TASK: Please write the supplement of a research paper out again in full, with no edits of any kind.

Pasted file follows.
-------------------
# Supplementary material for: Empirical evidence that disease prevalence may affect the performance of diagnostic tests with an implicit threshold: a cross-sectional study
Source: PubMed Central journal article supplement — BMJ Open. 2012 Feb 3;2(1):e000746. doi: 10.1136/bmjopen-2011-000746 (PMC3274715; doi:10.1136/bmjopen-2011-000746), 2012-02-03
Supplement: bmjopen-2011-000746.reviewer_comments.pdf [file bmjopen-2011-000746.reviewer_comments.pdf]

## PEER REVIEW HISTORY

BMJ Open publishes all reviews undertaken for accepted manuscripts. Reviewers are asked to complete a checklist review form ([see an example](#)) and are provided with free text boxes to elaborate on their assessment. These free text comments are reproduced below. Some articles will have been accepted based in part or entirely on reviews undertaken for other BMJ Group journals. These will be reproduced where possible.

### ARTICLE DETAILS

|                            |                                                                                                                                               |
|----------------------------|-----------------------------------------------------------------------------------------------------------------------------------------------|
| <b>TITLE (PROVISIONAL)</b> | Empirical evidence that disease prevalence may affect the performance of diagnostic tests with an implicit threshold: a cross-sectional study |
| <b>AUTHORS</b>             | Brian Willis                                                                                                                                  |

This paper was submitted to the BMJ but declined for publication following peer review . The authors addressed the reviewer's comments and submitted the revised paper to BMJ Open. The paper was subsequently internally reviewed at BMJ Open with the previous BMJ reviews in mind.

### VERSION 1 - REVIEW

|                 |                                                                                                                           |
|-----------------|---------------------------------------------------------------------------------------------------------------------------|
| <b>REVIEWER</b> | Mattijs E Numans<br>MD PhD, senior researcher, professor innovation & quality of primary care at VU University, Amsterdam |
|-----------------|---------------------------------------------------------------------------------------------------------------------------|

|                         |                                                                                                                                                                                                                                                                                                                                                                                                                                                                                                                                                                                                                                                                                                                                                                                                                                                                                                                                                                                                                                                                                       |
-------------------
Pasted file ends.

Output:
# Supplementary material for: Empirical evidence that disease prevalence may affect the performance of diagnostic tests with an implicit threshold: a cross-sectional study
Source: PubMed Central journal article supplement — BMJ Open. 2012 Feb 3;2(1):e000746. doi: 10.1136/bmjopen-2011-000746 (PMC3274715; doi:10.1136/bmjopen-2011-000746), 2012-02-03
Supplement: bmjopen-2011-000746.reviewer_comments.pdf [file bmjopen-2011-000746.reviewer_comments.pdf]

## PEER REVIEW HISTORY

BMJ Open publishes all reviews undertaken for accepted manuscripts. Reviewers are asked to complete a checklist review form ([see an example](#)) and are provided with free text boxes to elaborate on their assessment. These free text comments are reproduced below. Some articles will have been accepted based in part or entirely on reviews undertaken for other BMJ Group journals. These will be reproduced where possible.

### ARTICLE DETAILS

|                            |                                                                                                                                               |
|----------------------------|-----------------------------------------------------------------------------------------------------------------------------------------------|
| <b>TITLE (PROVISIONAL)</b> | Empirical evidence that disease prevalence may affect the performance of diagnostic tests with an implicit threshold: a cross-sectional study |
| <b>AUTHORS</b>             | Brian Willis                                                                                                                                  |

This paper was submitted to the BMJ but declined for publication following peer review . The authors addressed the reviewer's comments and submitted the revised paper to BMJ Open. The paper was subsequently internally reviewed at BMJ Open with the previous BMJ reviews in mind.

### VERSION 1 - REVIEW

|                 |                                                                                                                           |
|-----------------|---------------------------------------------------------------------------------------------------------------------------|
| <b>REVIEWER</b> | Mattijs E Numans<br>MD PhD, senior researcher, professor innovation & quality of primary care at VU University, Amsterdam |
|-----------------|---------------------------------------------------------------------------------------------------------------------------|

|                         |                                                                                                                                                                                                                                                                                                                                                                                                                                                                                                                                                                                                                                                                                                                                                                                                                                                                                                                                                                                                                                                                                       |